The Cuervo era held court in Ka­lye for about two years, playing hard rock covers to a packed crowd of col­lege rockers and rowdy yuppies. Agu­irre, 14 at that time, couldn’t hope for a better ‘on-the-job-training.’ “We rocked that place every Satur­day without fail, playing three sets a night. It went on until Cuervo, who was soon to graduate, made the de­cision to buckle down and finish his studies without further distractions.”

After failed attempts to recruit frontman Karl Roy, who happened to be a childhood friend and grade school classmate of Ortigas, due to commitments with Advent Call, Razorback opted for Roy’s younger brother, Kevin.

“Kevin came in rough, raw, and flat out weird, to be honest, but quickly grew on the band, and before long we were back at Kalye fronted by the younger Roy,” says Aguirre.

Razorback’s Kalye reign went on for about three more years, and by the time it had come to an end, the band was signed by Alpha Music and recorded their debut album Hebigat Sounds Volume 1.

“Needless to say, our half-de­cade Kalye experience had taught us to rock n ‘roll all night and party everyday with the best of them. And about a year and a half into promot­ing the first album, moods were en­hanced, tempers were flaring, habits were out-of-line, and Miguel made his exit from the group,” says Aguirre.

Brian Velasco, a good friend of Aguirre outside the band’s circle, was brought in. “Though we knew he is a musician, we weren’t completely aware of how serious he was about going full-time. After much harass­ment from his end, we had him come down for an audition, and to our surprise, he came in prepared and ready. He had learned enough songs to cover our next booking, and save for a few tempo issues, it was like we didn’t even…uh… skip a beat,” says Aguirre.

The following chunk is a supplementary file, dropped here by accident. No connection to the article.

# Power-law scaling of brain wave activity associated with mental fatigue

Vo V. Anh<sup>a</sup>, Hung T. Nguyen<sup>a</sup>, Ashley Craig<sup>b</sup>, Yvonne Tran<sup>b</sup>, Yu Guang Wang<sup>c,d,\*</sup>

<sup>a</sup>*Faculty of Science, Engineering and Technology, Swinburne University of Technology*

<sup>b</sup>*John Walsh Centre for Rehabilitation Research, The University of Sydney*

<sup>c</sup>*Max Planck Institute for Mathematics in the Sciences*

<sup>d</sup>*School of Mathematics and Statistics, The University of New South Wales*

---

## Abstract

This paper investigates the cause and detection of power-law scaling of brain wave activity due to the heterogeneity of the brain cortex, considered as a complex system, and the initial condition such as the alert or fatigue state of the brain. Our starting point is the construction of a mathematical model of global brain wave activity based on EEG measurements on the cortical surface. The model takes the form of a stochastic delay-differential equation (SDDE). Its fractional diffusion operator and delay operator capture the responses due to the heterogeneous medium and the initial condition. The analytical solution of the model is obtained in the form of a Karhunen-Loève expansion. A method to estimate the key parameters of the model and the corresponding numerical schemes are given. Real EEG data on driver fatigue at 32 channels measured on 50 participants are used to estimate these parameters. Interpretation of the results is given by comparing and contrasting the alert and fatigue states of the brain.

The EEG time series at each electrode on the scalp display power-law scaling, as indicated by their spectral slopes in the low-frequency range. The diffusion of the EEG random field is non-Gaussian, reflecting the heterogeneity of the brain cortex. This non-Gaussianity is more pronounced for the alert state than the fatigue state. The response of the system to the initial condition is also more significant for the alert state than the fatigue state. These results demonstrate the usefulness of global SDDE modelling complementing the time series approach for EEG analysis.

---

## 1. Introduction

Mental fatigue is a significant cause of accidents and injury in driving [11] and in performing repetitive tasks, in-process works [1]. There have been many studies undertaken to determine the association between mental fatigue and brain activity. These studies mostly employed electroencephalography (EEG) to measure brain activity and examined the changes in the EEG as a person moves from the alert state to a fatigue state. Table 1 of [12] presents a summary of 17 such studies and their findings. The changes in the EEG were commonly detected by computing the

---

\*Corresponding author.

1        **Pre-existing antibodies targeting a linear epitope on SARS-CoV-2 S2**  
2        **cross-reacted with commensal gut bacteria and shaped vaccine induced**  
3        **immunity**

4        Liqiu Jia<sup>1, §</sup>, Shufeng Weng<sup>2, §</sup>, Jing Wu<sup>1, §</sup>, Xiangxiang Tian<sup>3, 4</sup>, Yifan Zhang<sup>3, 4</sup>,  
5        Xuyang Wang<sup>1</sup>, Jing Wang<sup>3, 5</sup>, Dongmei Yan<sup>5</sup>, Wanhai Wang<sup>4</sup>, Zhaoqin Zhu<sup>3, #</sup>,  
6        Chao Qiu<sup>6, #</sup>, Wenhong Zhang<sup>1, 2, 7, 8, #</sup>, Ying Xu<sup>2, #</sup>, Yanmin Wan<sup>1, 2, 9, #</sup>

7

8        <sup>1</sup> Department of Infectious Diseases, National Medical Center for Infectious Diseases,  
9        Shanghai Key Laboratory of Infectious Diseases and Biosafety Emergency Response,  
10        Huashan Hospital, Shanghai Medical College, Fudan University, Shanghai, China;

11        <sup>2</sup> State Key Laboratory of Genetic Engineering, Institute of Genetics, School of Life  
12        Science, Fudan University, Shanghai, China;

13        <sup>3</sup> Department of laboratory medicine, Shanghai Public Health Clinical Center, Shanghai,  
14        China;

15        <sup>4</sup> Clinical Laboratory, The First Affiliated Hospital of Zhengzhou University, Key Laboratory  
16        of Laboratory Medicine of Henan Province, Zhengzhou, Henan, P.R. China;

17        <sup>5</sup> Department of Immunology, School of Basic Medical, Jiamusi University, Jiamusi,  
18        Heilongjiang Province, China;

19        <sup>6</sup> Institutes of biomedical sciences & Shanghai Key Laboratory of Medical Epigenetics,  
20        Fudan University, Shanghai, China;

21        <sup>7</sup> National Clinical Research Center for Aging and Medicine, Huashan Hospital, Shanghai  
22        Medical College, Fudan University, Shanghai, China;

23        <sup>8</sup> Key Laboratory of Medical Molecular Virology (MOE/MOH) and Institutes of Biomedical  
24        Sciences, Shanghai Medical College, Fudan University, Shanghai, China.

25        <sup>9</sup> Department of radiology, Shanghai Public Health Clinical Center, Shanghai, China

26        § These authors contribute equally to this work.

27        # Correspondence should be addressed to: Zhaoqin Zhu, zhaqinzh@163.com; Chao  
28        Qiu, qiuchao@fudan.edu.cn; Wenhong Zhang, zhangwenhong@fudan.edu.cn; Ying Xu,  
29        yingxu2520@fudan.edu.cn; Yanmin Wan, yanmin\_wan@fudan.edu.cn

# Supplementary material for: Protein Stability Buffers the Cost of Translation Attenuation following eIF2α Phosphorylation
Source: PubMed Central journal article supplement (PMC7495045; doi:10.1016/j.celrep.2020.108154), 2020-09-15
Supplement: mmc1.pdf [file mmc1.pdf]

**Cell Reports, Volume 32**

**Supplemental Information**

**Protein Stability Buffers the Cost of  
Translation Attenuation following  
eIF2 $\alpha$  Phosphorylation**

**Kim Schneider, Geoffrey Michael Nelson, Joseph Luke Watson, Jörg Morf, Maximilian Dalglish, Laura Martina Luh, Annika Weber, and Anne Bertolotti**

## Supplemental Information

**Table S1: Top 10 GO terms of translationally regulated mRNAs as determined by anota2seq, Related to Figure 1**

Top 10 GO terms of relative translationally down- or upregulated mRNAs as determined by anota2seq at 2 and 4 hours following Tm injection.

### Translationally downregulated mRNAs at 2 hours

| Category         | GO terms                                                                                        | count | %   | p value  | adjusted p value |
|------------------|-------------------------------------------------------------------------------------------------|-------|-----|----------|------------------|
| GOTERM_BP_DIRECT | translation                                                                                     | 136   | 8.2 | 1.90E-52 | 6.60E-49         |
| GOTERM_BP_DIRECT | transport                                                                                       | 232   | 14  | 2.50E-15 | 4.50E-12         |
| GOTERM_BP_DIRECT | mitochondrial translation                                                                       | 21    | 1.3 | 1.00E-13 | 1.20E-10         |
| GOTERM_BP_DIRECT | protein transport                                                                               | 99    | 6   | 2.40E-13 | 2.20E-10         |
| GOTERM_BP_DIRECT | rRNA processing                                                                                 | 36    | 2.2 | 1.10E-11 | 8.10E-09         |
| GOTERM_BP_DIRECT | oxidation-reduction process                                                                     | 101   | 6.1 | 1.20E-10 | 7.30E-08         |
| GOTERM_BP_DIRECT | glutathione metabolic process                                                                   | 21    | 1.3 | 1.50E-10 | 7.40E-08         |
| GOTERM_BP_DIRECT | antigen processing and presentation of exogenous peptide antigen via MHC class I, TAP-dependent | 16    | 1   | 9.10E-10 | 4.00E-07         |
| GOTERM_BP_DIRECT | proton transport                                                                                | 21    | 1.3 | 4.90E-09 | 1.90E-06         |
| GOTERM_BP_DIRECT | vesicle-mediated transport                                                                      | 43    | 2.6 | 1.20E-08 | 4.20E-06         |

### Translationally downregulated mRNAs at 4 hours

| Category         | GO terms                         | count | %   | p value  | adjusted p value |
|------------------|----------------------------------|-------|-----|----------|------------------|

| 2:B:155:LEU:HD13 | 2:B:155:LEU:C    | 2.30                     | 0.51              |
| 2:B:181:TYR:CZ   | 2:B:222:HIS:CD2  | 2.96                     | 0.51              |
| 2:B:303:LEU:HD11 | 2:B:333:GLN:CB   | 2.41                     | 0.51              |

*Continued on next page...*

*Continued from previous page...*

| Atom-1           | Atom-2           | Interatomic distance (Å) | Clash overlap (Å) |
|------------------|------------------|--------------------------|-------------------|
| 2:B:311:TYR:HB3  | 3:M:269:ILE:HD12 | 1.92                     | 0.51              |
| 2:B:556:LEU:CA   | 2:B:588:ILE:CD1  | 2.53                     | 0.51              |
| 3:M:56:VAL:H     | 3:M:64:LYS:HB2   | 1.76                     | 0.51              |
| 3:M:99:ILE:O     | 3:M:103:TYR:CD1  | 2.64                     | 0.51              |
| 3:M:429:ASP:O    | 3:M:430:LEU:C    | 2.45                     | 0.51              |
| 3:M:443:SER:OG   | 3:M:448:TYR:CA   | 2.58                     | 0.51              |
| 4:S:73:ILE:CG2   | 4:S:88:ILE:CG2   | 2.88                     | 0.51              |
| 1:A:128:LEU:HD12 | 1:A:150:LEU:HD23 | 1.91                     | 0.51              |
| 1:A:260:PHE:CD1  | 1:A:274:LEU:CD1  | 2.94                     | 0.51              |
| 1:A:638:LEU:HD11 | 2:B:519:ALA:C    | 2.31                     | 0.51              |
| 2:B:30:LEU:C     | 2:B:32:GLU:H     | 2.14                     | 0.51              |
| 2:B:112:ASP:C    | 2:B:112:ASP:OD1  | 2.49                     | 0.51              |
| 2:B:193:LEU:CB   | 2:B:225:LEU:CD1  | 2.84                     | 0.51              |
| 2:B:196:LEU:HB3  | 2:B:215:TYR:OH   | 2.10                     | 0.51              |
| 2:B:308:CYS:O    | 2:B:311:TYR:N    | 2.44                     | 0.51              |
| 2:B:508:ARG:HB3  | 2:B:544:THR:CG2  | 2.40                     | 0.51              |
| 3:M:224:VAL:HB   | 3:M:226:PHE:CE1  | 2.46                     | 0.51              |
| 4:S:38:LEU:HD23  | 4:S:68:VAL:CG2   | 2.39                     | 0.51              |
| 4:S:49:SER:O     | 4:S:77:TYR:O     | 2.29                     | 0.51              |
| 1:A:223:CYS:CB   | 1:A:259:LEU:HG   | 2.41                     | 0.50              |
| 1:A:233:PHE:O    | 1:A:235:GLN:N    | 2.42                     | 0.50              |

Thus began the songwriting ses­sions for what would become the band’s sophomore effort Beggar’s Moon.

At this time, Tirso had gotten the band out of their Alpha deal and sealed a new one with Sony Music. Razorback, with producer/engineer Diego Garrido in tow, began to cut tracks at Hit Productions in Makati.

“We met bi-weekly at Sessions stu­dio in Makati, owned by G3 Misa and managed by sound engineer extraor­dinaire Ariz Guinto, who went on to be a key player in Razorback’s evolv­ing saga,” says Aguirre.

Another fond memory worth men­tioning, according to Aguirre, is Ra­zorback’s stumbled opportunity to open for Metallica on the last leg of the Black Album tour. “As a matter of fact, I think their Manila date was the last one of the tour after a three-year run. We were also blessed with a two-night stint opening for Bon Jovi. It may have been among the biggest crowds I’ve ever played to. Good times,” says Aguirre.

That was eons ago. Today, Aguirre is living the quiet life in the States.

“I moved to California in 2004, and I currently reside in Orange County with my lovely wife, crazy kids, and a very vicious puppy dog. I try to visit the Philippines every two or so years, though the gaps have been getting wider of late.”

If and when he decides to come back and rock again, only time will tell.